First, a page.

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Henry COWELL (1897-1965)

The Morning Pool
Song in the Songless
Music When Soft Voices Die
Angus Og
Manuanaun's Birthing
Where She Lies
How Old is Song?
Mother Goose Rhymes
Two Songs on Poems of Catherine Riegger
The Pasture
Spring Pools
The Donkey
The Little Black Boy
Three Songs on Poems of Langston Hughes
Mice Lament
Because the Cat
Three Songs on Poems of Padraic Colum
Firelight and Lamp

Mary Ann Hart, mezzo, Robert Osborne, bass-baritone, Jeanne Golan, piano
Rec. Aug-Nov 1996, New York Town Hall, DDD
ALBANY TROY 240 [57.38]

These songs span virtually the whole of Cowell's musically productive life from 1914 to three years short of his death.

Cowell, though an experimenter and dissident of the Ornstein stamp, wrote in a fairly orthodox language especially in the songs from the teens of the last century. He is more ethereal than Carpenter (featured in a parallel Albany collection) with the music describing the swirling pearlescence of William Baines - the aural analogue of Virgil Finlay’s line drawings. There is about this writing something of the atmosphere of Abraham Merritt’s ‘The Moonpool’ and ‘The King In Yellow’. Cowell’s choice of poetry however is from among the greats and second rank such as Colum, Blake, Chesterton, Frost, Millay, Meredith, Shelley and Pound.

Osborne's sturdy yet sensitive range is fully tried and tested. His vocal character lies somewhere between the young Benjamin Luxon (before the onset of that beat in his voice) and the golden ‘heldentone’ of Brian Rayner Cook. Hart and Golan are also excellent.

The St Vincent Millay song, with its sepulchral dissonances, is a strange and most striking piece and an axle-turn from Manaunan's birthing which is a conventional ballad. How Old Is Song? dates from 1931 and has slashes across the piano's exposed strings - an ethereal and still conjuring. Note the wandering tonality of the Mother Goose set. Two years later and there is a no-messing clangour in the piano part. The voice begins to lose its balladry heroism substituting the delusion and nightmare of Barber's Dover Beach. It is heavy with cataclysm. There is an ululation and a drifting out of focus as darkling armies, dissolute and with eyes rolling, pass by in grim parade. 1944 and The Pasture (Frost) sees a return to simplicity. This might almost be Copland in Tender Land vein. Spring Pools, another Frost setting, has the innocent daisy-pied quality found in Moeran’s Shakespeare quartet. Chesterton's famous blessed and reviled Donkey is taken sing-song at first but grows subtle and caustic on the words monstrous head and sickening cry. The jangling Mice Lament is to words by Ella Grainger. Percy employed Cowell as musical secretary after his release from San Quentin prison.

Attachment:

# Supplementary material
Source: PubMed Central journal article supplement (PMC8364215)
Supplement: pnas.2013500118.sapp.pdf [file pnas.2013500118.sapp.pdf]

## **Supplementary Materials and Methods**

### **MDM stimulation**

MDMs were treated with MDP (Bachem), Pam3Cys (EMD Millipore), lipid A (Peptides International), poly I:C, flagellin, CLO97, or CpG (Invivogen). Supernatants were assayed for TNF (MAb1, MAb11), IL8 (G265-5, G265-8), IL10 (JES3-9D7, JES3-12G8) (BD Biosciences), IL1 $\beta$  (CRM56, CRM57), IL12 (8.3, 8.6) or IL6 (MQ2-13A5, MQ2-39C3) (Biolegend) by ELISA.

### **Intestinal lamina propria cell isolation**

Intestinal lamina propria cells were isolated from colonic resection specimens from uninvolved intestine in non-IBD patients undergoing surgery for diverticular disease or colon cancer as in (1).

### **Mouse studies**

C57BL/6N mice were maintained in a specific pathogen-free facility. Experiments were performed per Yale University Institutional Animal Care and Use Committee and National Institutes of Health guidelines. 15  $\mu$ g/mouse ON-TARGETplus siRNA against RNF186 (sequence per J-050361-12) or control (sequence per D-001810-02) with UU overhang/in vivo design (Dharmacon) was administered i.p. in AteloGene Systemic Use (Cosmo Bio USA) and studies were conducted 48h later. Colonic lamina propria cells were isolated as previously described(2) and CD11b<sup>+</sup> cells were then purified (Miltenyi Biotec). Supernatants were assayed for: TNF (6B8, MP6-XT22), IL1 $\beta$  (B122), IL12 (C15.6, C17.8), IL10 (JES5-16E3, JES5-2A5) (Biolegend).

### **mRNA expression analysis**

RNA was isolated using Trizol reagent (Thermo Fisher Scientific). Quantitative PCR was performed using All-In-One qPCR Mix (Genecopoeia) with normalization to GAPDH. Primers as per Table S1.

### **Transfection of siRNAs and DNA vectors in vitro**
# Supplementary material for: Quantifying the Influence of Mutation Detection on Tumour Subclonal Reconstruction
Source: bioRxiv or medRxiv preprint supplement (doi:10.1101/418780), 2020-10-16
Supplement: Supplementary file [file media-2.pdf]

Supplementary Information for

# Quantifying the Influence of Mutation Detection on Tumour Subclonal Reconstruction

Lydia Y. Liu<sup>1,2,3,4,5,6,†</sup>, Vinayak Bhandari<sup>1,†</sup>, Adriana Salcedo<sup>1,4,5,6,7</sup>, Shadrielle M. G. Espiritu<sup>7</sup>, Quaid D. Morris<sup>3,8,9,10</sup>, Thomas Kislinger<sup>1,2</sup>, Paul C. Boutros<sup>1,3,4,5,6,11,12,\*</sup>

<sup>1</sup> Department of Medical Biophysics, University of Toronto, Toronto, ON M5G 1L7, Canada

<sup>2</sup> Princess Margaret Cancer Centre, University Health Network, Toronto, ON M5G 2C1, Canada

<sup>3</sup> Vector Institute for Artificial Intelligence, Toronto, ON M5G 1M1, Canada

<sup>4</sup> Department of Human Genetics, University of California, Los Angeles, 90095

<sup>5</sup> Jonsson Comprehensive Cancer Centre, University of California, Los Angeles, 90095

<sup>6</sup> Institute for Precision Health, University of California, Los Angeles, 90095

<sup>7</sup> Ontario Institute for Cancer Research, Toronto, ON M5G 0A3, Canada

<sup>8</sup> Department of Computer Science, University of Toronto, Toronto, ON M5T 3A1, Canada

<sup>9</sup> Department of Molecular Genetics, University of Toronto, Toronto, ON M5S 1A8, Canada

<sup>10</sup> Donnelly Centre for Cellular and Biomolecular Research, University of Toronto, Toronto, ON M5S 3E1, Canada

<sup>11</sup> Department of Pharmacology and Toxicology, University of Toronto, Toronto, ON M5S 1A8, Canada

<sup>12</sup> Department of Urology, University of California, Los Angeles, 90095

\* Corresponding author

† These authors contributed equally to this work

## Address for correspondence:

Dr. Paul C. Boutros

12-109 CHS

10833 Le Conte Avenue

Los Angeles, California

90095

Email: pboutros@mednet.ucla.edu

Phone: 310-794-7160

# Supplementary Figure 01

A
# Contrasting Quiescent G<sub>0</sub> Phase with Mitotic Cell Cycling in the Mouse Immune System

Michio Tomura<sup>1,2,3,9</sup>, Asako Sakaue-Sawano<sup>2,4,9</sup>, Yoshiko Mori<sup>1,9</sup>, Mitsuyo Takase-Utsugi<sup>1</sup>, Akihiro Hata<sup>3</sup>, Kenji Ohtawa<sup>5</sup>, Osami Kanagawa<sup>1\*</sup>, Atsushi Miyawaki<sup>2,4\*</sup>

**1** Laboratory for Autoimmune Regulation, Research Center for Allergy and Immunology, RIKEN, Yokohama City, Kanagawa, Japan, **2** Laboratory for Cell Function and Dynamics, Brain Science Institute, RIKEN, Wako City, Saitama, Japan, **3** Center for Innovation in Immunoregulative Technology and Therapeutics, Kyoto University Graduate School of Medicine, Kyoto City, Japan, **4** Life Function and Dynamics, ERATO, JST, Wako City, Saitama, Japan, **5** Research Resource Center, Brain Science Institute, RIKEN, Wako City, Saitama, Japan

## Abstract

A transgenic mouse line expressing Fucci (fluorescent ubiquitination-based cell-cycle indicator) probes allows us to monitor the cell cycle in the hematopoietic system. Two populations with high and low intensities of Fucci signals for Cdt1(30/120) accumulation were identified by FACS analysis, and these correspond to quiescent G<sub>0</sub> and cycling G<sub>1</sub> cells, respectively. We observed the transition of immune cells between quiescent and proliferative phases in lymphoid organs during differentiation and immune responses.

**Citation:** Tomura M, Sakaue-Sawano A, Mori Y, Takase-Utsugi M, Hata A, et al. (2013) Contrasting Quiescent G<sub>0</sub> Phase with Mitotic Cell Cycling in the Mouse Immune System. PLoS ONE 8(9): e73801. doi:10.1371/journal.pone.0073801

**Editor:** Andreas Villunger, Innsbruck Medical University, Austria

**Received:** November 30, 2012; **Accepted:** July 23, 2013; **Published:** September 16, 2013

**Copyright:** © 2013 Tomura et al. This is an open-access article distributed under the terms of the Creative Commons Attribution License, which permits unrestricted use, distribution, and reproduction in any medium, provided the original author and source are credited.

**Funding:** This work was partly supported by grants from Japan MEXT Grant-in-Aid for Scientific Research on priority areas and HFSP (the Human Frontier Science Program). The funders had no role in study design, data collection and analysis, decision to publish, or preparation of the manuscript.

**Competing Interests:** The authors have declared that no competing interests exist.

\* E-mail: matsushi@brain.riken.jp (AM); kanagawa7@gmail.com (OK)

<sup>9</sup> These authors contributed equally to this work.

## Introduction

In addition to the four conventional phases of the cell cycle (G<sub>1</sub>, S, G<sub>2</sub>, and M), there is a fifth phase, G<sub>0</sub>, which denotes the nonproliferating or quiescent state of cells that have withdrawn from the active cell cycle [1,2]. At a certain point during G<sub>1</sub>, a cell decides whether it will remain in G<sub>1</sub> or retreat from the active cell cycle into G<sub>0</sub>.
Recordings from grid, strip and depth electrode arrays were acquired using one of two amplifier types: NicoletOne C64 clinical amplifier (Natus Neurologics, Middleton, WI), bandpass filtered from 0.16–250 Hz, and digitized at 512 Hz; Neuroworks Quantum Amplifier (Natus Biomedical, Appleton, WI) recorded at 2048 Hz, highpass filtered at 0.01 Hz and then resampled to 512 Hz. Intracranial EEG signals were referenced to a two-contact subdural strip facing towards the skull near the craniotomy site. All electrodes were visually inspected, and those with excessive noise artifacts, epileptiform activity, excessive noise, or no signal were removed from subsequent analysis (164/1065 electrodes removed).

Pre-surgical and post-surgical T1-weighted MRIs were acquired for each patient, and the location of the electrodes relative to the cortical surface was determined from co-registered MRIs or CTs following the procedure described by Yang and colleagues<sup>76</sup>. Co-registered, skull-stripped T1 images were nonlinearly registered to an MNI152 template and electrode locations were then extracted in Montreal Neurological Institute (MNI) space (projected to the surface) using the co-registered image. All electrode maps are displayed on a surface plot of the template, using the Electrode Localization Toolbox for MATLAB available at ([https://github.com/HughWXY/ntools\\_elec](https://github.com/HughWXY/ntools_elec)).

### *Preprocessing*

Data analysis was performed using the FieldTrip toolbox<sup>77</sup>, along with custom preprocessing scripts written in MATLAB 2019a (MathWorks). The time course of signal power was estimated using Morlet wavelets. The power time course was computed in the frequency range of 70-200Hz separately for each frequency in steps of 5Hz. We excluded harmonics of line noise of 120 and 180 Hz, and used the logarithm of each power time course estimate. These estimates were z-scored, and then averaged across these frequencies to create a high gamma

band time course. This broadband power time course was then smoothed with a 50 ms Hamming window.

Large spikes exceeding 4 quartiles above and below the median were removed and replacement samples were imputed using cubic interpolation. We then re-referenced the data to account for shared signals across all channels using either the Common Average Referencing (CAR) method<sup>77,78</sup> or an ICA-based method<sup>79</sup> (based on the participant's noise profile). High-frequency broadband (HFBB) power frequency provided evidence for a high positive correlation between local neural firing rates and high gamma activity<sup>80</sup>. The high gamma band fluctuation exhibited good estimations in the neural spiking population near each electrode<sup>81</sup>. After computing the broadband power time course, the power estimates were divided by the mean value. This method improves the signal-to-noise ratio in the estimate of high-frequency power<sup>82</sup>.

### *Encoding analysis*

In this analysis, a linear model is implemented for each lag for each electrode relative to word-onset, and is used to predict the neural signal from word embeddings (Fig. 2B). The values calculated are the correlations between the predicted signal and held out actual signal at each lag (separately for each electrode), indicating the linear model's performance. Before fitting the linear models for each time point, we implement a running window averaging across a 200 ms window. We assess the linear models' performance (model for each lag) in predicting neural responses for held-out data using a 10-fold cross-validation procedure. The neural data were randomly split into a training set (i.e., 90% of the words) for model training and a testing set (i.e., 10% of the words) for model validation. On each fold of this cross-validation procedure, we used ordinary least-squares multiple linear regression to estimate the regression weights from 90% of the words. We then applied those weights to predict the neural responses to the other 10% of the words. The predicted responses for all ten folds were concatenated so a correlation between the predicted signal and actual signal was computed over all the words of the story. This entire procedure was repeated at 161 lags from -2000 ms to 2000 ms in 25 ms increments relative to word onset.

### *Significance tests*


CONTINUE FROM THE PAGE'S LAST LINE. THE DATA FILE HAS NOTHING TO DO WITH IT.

Albany are owed thanks for printing the words of all the songs. I do not underestimate the grief and annoyance that must go with getting all the necessary waivers and permissions.

One of Albany USA's few blindspots lies in its failure to see the convenience of giving birth and death years of the composer on the back of the jewel case; a minor cavil, of course in the face of such an imaginative and revealing anthology.

Rob Barnett

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